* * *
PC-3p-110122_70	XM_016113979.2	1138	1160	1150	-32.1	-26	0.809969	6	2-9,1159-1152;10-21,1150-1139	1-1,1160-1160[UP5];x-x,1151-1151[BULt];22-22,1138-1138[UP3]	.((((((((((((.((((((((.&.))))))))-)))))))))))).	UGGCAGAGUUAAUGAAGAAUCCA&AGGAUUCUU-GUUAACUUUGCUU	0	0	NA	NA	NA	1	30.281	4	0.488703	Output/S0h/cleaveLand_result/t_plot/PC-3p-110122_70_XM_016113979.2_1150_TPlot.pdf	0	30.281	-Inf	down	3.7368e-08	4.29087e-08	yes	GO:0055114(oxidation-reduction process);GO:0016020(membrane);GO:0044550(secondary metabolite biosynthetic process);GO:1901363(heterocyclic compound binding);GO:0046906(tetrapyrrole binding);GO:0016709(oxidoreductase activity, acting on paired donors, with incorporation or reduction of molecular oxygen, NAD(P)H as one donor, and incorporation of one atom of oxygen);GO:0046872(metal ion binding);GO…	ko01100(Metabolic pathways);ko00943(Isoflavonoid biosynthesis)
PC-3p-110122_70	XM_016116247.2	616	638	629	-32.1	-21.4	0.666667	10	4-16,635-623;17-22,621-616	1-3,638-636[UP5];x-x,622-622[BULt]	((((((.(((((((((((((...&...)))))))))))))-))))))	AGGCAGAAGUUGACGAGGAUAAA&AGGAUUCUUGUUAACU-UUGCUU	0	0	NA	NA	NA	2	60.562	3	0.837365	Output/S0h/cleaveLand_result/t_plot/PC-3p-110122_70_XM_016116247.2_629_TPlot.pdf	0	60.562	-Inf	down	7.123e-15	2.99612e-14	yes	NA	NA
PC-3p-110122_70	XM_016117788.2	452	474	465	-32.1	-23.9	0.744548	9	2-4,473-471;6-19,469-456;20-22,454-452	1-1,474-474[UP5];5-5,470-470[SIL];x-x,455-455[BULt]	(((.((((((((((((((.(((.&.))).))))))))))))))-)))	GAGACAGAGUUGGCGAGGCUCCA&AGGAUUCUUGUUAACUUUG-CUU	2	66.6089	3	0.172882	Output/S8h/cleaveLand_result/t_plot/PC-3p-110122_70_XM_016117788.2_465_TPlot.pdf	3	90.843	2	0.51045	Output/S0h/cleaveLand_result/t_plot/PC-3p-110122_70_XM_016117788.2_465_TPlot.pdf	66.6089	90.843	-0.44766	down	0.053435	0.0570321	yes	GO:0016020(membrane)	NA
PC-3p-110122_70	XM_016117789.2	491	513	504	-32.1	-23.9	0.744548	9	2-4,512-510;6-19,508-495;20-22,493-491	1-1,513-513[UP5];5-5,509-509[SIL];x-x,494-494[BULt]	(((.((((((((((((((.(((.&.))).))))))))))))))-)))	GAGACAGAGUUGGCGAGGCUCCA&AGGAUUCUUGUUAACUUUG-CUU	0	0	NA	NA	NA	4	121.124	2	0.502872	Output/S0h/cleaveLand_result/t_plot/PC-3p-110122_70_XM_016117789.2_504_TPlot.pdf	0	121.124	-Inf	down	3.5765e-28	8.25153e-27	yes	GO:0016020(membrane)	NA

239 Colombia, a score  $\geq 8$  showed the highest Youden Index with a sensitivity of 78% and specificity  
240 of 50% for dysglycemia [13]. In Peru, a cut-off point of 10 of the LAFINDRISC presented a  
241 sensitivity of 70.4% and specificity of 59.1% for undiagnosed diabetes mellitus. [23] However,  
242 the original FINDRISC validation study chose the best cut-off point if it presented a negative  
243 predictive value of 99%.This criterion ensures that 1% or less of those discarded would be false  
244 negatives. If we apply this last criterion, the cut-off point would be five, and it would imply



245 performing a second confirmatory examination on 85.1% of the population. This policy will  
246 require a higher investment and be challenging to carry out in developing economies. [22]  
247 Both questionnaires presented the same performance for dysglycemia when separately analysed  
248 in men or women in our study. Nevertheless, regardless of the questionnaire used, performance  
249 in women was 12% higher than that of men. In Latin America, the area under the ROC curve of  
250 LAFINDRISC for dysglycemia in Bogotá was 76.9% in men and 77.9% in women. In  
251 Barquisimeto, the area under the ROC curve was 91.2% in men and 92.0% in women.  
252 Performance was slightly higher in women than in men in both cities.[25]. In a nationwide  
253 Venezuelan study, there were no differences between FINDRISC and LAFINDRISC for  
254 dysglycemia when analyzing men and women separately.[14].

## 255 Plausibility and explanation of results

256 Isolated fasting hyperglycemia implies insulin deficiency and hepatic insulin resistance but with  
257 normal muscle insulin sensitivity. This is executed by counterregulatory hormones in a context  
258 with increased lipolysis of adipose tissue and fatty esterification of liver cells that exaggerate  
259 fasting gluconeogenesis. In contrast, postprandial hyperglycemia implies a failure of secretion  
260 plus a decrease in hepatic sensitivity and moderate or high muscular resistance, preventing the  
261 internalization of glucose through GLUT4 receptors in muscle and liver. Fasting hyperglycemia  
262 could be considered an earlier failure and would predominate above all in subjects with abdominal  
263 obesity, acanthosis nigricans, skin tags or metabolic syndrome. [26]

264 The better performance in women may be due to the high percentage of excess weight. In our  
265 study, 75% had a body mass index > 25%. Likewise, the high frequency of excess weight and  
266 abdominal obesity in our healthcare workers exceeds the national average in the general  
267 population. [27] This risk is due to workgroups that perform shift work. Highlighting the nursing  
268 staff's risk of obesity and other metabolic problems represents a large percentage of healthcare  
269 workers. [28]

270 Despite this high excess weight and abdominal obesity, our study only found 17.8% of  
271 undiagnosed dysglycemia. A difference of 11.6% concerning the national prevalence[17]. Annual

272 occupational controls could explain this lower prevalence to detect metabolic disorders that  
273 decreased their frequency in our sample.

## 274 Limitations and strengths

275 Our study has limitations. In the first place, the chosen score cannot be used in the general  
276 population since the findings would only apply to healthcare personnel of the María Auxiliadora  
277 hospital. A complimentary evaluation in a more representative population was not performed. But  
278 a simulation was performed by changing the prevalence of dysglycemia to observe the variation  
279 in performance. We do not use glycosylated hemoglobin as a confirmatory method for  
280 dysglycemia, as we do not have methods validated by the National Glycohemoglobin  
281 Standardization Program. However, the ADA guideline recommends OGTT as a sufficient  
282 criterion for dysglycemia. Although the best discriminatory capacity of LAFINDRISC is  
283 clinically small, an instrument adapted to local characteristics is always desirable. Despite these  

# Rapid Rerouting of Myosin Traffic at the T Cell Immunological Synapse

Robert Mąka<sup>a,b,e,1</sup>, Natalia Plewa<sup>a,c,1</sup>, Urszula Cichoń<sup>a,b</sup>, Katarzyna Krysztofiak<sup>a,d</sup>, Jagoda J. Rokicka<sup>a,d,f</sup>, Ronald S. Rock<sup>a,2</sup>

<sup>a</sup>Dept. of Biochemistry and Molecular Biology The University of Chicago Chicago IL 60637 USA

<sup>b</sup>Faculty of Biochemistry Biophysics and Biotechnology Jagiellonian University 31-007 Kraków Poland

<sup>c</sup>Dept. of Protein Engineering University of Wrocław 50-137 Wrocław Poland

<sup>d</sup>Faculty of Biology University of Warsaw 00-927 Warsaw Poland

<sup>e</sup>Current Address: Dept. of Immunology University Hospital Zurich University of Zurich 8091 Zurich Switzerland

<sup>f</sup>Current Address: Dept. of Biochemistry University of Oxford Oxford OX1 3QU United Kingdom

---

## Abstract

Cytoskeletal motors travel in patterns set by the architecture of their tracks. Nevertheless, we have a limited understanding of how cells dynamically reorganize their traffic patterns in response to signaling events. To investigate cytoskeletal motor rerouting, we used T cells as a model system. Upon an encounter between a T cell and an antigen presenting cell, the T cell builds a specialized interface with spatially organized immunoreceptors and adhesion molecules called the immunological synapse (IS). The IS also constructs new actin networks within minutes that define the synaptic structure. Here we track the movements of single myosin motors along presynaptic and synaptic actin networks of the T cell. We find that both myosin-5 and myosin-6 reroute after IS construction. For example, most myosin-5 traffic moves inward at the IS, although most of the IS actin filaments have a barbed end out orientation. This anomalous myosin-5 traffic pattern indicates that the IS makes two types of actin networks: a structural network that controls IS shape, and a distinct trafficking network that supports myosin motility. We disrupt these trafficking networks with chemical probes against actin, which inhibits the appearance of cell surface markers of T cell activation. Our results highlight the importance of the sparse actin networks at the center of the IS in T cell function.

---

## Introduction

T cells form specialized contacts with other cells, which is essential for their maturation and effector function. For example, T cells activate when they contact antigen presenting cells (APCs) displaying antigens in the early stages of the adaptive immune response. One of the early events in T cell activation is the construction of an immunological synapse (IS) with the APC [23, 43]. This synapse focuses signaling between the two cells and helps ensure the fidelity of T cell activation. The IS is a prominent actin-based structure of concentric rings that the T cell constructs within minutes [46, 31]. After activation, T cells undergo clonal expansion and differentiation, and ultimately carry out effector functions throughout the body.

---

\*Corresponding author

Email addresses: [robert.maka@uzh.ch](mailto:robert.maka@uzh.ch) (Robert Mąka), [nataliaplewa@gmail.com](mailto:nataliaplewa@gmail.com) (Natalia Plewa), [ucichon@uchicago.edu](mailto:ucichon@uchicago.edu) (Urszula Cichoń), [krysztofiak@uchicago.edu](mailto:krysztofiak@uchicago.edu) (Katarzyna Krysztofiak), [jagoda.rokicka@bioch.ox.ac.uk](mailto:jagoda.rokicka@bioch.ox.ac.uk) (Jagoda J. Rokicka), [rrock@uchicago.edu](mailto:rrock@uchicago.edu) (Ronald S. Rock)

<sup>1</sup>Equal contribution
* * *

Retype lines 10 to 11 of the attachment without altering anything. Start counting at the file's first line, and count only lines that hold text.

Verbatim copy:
244 negatives. If we apply this last criterion, the cut-off point would be five, and it would imply



245 performing a second confirmatory examination on 85.1% of the population. This policy will  